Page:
For a brief period, Kidd joined forces with another iconic South Australian designer Barrie Tucker (AGDA HoF 2014), before returning to his own practice Ian Kidd Design (IKD). In 1979, Karin Seja, then a fourth-year design student at the University of South Australia, joined Tucker and Kidd. She reflects on that exciting time: ‘At this stage graphic design was a new discipline. Everyone knew about advertising agencies and promoted through television and radio. The value of a visual brand was not realised. This all changed in the early 1980s and businesses recognised they needed a logo. With only a few competitors in Adelaide, the business went ahead in leaps and bounds; Ian was known as Mr Logo’. Seja stayed with Kidd for almost three decades, progressing from a junior role to company director. In 2007 she ultimately bought the company from Kidd and started her own successful practise (KSD).
Seja speaks glowingly of Kidd’s all-round skills: ‘He had an amazing talent for analysing a person and their business. He quickly established a rapport which led to some loyal long-term clients, some over 40 years’. IKD’s client list grew to encompass many high profile local and national identity projects including The Bank of South Australia, QBE, Tasmanian Government, National Rail Corporation and Baulderstone Hornibrook. It is a testament to the enduring quality of the studio’s work that many of these identities are still in use today.
Wine industry clients were also an important factor in the studio’s development. Ian Kidd, alongside other significant South Australian designers of this period, including Barrie Tucker, continued a tradition of innovative and progressive design which began with the influential label designer Wytt Morro in the 1950s.
Seppelt Wines were the first of many wine clients for Kidd, and his portfolio documents the evolution from label design in isolation to an all-encompassing holistic approach to brand identity. The Peter Lehmann Queen of Hearts label from the mid-1990s, for example, proved an important strategic shift in positioning for the stagnant business, engaging with diverse new audiences with one of the first examples of an often replicated ‘art wine label’ series.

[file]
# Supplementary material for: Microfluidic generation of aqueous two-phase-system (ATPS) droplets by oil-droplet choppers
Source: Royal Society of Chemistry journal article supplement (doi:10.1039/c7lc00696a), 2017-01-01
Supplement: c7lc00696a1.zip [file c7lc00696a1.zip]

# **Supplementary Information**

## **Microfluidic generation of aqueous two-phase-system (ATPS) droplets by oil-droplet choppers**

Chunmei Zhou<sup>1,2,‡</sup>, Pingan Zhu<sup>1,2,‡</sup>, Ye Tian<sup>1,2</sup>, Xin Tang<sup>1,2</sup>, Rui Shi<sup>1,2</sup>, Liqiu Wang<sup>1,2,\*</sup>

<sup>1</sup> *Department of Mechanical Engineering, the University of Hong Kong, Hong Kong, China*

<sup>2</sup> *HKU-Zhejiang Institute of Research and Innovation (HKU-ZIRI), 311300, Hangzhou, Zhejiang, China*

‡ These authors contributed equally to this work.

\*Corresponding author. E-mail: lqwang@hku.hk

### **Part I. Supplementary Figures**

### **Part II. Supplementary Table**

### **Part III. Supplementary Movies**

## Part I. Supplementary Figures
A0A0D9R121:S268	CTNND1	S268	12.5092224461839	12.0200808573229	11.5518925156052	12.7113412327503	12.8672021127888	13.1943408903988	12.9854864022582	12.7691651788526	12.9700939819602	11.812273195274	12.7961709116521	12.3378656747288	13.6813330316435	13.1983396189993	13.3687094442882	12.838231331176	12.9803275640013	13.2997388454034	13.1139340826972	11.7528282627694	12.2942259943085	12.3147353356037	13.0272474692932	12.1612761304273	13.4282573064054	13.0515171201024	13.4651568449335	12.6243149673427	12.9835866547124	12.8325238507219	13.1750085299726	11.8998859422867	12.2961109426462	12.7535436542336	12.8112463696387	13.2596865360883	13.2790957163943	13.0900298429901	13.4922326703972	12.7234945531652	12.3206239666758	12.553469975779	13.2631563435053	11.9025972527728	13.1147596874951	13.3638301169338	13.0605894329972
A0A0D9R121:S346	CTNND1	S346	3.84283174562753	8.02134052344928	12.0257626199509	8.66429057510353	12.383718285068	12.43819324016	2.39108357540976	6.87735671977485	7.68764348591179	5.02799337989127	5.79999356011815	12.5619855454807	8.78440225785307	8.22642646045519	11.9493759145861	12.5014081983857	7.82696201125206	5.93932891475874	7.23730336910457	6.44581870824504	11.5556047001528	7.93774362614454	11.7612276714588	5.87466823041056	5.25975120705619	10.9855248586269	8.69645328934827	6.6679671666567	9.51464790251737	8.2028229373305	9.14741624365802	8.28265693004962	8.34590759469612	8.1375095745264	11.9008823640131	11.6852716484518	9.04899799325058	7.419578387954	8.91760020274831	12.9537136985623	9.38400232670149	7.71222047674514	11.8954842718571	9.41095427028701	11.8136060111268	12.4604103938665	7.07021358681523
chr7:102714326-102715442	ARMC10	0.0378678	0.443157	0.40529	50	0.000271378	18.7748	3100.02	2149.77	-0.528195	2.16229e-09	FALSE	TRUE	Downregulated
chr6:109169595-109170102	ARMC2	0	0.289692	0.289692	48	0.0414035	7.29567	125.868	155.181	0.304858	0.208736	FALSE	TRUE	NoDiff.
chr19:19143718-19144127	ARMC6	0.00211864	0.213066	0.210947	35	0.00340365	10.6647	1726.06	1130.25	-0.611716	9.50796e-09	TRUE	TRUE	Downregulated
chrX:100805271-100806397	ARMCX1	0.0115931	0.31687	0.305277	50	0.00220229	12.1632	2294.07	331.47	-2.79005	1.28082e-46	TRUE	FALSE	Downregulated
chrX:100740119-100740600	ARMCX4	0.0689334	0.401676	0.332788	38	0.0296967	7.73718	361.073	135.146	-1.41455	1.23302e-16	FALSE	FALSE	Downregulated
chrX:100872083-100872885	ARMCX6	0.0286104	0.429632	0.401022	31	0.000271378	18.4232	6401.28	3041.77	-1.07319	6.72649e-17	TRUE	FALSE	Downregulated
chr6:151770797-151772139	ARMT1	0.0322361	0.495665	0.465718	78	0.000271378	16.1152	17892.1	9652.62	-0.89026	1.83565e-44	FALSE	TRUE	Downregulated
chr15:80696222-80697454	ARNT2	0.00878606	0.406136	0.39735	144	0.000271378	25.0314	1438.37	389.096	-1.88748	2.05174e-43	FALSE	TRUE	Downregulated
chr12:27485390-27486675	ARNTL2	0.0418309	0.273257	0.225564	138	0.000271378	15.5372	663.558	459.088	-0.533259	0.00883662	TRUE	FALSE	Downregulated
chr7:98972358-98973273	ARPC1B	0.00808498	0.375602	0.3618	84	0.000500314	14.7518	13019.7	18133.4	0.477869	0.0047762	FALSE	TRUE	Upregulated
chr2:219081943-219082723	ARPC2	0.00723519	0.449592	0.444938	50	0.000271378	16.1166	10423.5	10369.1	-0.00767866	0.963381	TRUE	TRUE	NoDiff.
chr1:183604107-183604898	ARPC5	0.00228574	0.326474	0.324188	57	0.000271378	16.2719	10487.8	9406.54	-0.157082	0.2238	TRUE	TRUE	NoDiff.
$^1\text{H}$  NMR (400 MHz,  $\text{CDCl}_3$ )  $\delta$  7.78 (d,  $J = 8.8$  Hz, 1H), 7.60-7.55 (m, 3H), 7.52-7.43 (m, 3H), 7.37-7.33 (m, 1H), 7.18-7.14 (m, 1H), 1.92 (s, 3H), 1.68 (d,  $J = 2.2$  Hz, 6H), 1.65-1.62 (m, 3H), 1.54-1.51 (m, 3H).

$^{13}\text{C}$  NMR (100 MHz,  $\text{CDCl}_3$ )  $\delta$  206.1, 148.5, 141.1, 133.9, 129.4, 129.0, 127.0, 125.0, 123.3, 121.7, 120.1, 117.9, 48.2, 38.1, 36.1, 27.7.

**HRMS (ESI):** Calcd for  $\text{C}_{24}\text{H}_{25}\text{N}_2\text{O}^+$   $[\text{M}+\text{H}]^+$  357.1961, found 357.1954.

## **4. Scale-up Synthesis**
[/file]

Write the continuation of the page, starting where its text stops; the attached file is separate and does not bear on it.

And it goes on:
Matt Remphrey from Parallax Design is a contemporary Adelaide practitioner who continues the rich legacy of Morro, Tucker and Kidd. He joined IKD in 1994 and recalls Kidd’s philosophy that ‘the labels only help sell the first bottle – after that, the wine must do the heavy lifting’. He acknowledges the crucial mentoring role Kidd played for him, and others: ‘From him I learned how to be a better designer, how to lead projects, how to work with clients, how to get my ideas across, and how to run a profitable business’.
Scribblings was a regular promotional newsletter published by IKD to inform colleagues and clients of the studio’s activities. The publication provides valuable insight into a vibrant culture where work and play coalesced. Kidd’s straight-forward, generous approach to his professional and personal life are neatly captured in this reflection from Scribblings 30: ‘During subsequent years, IKD won almost anything worth doing at the big end of town, gradually expanding interstate and, eventually, offshore; always with a group of consummate professionals who knew that working at IKD meant hard yakka, long hours and the achievement of excellence and fun’.
AGDA Hall of Fame Committee
Content for this biography came from various sources, including On the Shoulders of Giants – a Tribute to 13 Graphic Designers, Ian Kidd Design, issues of Scribblings and interviews.